Besides the Amalfi Coast, lemons overflow in my own backyard, or I should say, my aunt's. She has a Meyer Lemon Tree that has been producing hundreds of lemons each winter. She doesn't cook and only uses them for lemonade. I'm in charge of actually cooking and baking with them. I make loads of lemon granita and yearn for Sicily and Tart au Citron to take me to Paris. However, the completely American Meyer Lemon cheesecake might be one of my most requested desserts. In 2011 I'll be transporting myself, and hopefully you, to the Amalfi Coast with lemons, in the forms of limoncello and delizia al limone.
In either case, it was a gelato extravaganza that I still think about in the cold of December. During a July heatwave in Turin, I nourished myself daily with gelato for at least two of my meals. Even though I was so hot sweat pools formed above my cheekbones, I think back fondly about my time in Turin and all the gelato. I can't wait to go back for more. The movie, Eat Pray Love, had women making pilgrimages to Rome for gelato, but may I suggest a movie about a gelato binge in Turin.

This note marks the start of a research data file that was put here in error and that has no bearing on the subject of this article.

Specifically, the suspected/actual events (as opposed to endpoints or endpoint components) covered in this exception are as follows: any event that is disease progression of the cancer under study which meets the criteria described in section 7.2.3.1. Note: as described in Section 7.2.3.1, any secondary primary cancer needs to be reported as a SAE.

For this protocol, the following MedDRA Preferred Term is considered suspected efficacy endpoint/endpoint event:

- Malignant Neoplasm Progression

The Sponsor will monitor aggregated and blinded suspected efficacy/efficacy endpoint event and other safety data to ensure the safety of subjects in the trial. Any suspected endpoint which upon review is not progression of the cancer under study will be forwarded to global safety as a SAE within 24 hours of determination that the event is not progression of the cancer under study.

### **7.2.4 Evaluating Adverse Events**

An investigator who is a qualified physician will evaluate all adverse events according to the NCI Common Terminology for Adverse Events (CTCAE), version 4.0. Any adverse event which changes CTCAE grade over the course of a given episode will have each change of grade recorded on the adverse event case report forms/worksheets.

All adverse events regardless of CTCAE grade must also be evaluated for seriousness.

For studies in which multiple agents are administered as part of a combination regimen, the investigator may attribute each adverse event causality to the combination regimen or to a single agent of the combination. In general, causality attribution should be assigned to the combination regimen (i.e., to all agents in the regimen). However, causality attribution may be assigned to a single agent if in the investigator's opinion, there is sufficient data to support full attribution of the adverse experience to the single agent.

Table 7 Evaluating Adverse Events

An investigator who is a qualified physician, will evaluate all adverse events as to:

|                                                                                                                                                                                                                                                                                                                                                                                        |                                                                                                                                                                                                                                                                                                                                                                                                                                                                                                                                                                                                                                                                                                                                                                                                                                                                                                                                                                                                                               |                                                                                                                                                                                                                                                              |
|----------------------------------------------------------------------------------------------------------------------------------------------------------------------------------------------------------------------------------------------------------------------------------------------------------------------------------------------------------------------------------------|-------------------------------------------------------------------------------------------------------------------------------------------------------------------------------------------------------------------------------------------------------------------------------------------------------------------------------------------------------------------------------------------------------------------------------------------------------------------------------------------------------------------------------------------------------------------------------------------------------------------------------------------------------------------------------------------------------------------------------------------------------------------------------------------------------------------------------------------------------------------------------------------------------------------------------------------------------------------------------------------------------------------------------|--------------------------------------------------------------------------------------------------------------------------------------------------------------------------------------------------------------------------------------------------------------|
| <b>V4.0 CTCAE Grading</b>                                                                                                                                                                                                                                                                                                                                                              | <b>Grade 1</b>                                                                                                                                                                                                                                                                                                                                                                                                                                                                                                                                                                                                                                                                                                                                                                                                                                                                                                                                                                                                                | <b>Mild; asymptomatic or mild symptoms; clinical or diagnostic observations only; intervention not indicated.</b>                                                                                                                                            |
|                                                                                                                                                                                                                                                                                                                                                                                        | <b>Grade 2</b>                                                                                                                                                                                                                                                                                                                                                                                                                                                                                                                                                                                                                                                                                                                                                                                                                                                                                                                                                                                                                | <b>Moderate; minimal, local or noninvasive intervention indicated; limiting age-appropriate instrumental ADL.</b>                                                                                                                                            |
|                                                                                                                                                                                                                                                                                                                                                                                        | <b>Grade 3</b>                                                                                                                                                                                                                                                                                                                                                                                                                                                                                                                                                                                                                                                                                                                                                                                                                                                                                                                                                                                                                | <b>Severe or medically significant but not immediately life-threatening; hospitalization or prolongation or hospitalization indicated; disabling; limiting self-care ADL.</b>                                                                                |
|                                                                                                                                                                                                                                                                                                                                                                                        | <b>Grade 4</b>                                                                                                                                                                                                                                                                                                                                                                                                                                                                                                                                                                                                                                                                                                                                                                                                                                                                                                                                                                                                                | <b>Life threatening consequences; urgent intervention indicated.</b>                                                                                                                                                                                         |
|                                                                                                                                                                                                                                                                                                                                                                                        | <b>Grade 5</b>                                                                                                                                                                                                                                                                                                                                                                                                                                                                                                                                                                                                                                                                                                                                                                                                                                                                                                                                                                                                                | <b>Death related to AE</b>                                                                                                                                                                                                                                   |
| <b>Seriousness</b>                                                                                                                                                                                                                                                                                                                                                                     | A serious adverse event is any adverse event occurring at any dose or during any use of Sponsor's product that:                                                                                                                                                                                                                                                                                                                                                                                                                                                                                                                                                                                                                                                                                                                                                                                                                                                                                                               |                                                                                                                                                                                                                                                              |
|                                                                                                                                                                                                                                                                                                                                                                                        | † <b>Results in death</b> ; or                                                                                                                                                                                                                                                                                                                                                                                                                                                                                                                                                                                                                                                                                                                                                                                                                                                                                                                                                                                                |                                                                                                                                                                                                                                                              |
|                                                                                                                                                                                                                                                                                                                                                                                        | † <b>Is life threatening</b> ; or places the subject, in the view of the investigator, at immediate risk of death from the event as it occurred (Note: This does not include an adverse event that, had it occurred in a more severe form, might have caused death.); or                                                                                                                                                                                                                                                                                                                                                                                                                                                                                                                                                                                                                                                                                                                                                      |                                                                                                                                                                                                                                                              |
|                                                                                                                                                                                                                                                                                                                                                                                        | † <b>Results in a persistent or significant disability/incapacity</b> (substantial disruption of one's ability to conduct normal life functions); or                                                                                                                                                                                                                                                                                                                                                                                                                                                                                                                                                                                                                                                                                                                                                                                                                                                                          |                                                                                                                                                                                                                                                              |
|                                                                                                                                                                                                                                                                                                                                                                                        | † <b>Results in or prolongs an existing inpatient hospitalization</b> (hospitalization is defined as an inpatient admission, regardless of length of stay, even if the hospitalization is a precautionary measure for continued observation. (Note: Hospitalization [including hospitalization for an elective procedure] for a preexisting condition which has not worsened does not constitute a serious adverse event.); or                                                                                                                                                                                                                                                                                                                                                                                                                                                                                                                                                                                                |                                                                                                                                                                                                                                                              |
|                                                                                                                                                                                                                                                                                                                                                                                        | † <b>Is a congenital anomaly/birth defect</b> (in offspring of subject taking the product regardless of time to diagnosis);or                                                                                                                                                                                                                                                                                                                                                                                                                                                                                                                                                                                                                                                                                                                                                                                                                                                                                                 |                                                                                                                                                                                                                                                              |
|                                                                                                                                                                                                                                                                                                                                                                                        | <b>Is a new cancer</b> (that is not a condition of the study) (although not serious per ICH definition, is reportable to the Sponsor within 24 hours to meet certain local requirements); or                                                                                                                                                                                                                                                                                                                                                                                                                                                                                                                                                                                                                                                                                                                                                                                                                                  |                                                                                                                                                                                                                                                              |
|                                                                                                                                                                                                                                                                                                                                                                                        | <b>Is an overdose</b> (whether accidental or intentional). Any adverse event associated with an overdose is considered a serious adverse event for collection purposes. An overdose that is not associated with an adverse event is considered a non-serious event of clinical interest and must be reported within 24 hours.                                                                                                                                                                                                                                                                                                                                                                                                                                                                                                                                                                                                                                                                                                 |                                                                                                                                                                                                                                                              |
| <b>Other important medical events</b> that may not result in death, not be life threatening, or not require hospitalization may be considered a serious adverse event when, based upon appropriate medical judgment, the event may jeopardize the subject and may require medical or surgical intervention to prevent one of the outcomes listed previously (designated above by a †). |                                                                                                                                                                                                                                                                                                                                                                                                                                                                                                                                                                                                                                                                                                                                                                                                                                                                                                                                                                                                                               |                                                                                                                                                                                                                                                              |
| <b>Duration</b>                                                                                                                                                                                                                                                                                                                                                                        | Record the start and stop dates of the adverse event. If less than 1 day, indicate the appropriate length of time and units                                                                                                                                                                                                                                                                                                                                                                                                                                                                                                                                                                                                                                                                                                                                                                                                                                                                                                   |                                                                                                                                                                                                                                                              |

Some go to Paris to shop, some for art, some for architecture, some for Michelin-starred restaurants. These are all good reasons, but I go for the pastries. This year I was able to return to Paris and sample pastries from patisseries that opened while I was away, and from my old favorites, too. You don't know this, but too many times I ate the pastry before taking a photo! This is probably a crime against food and travel blogging. Sometimes I'm like a little kid who ignores the card and tears into the wrapping to get to the present. I plan to return again in 2011. One of my New Year's resolutions is to take photos of all the pastries before I eat them.
My contribution to the World Nutella Day celebration was also the most popular recipe post on Food Lover's Odyssey in 2010. A blend of nutella and gianduja from Turin, and a pinch of memories from my first taste of Nutella, this cake takes me back not only to Turin, but also to my very first visit to Italy and to Florence, many years ago.